Even if Oakland paid the State average (remember this average is from 04-05 and we are in 07-08 school year), neighboring districts would have to be checked to see if Oakland was competitive.

    Finally, I find the percentage of the budget figure for money spent on teachers and principals a concern. Being below the State average at 35.2% verses 40.9 for teachers makes Oakland less attractive in attracting teachers. If you look at the salaries of principals below the state average for principals at elementary, middle and high school, the only thing I can think of regarding 6.1 verses 5.3 figure is that there is too much money paid to the administrators that are not principals but administrators in the central office. This means the Expect Success program has not yet been successful in cutting out high priced central administrators. If the program had been successful administrative cost in the district would be lower than the state average.

  • localteacher

    Thanks for looking into this Jim. I definitely agree with what you are saying – that in order for Oakland to attract more teachers (especially high quality teachers) we need to make sure that salaries are competitive.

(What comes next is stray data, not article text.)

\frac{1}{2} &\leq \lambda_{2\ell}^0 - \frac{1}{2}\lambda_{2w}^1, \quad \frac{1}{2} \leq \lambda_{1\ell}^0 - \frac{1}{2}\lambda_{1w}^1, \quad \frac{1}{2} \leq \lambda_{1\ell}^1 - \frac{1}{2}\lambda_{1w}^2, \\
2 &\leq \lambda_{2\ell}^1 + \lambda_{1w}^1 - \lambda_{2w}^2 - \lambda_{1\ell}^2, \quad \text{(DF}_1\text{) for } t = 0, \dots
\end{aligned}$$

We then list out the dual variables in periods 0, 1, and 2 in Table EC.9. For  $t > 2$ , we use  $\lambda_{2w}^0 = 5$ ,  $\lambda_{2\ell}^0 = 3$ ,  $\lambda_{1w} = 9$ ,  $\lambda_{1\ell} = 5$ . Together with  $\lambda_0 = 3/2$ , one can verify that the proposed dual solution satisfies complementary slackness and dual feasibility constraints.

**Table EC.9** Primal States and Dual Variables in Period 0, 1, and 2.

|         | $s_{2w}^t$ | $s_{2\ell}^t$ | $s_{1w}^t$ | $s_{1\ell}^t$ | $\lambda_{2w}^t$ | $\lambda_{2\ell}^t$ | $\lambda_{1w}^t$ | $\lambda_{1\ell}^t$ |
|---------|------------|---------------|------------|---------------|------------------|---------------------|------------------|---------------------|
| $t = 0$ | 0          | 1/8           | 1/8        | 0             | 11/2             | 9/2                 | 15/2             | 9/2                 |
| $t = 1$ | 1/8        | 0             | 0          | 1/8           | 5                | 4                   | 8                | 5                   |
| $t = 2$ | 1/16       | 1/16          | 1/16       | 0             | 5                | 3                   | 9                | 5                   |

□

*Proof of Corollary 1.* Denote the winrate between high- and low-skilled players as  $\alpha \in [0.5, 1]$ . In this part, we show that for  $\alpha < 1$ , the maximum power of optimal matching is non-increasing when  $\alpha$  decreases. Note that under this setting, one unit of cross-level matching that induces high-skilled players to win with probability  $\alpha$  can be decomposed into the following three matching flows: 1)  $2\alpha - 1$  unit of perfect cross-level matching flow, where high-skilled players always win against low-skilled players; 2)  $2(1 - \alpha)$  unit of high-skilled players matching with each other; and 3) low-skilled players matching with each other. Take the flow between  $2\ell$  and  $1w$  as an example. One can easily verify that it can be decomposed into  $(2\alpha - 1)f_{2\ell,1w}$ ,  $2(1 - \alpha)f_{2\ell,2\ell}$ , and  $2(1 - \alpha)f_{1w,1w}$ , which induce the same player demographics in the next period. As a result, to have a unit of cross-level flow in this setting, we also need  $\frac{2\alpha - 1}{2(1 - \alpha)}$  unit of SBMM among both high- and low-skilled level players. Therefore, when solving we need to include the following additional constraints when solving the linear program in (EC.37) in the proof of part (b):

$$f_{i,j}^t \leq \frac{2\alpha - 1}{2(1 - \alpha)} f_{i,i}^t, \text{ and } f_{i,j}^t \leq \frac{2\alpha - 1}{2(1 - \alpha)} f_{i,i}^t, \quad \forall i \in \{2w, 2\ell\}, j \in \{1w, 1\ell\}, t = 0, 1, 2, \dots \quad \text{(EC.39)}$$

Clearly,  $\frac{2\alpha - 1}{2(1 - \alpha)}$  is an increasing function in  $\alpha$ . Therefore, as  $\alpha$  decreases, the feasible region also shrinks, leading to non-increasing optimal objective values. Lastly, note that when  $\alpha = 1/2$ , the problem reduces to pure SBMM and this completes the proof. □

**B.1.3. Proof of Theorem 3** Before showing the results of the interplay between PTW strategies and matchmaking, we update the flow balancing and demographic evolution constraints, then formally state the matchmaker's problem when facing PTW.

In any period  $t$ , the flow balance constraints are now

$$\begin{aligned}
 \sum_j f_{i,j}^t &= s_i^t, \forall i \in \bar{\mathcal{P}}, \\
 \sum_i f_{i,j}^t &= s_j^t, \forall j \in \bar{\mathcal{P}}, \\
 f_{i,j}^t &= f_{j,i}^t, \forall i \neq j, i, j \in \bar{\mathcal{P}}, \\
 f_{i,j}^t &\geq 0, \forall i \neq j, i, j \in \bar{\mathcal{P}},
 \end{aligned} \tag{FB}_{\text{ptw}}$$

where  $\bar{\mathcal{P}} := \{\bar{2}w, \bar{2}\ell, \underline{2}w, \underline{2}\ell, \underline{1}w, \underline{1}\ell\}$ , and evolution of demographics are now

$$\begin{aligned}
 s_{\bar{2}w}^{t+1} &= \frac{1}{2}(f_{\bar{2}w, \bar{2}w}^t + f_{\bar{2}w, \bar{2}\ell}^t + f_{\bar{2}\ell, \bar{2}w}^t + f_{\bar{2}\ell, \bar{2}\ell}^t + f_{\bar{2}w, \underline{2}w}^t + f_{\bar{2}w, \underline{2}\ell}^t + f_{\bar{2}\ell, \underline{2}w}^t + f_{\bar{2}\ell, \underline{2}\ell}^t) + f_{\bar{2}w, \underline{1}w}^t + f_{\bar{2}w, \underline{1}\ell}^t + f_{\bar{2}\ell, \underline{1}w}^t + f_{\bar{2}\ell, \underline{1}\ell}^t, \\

One speculation, though, about the administrative number – could the higher average be a result of all of the new small schools in Oakland? Having more schools means more principals and/or assistant principals, and perhaps could account for the differences?

  • hills parent

    Having worked in a number of school districts as an administrator I can say that due to the small elementary schools and charter schools that an incredible amount of funds is being spent on administration. Many other school districts would have closed elementary schools long ago, rather than face fiscal disaster. I know that no community wants to deal with losing their neighborhood schools, but maybe this would be more responsible than allowing the district to be in a continual state of budget crisis. This may also provide additional funds to provide salary increases to teachers and SITE administrators.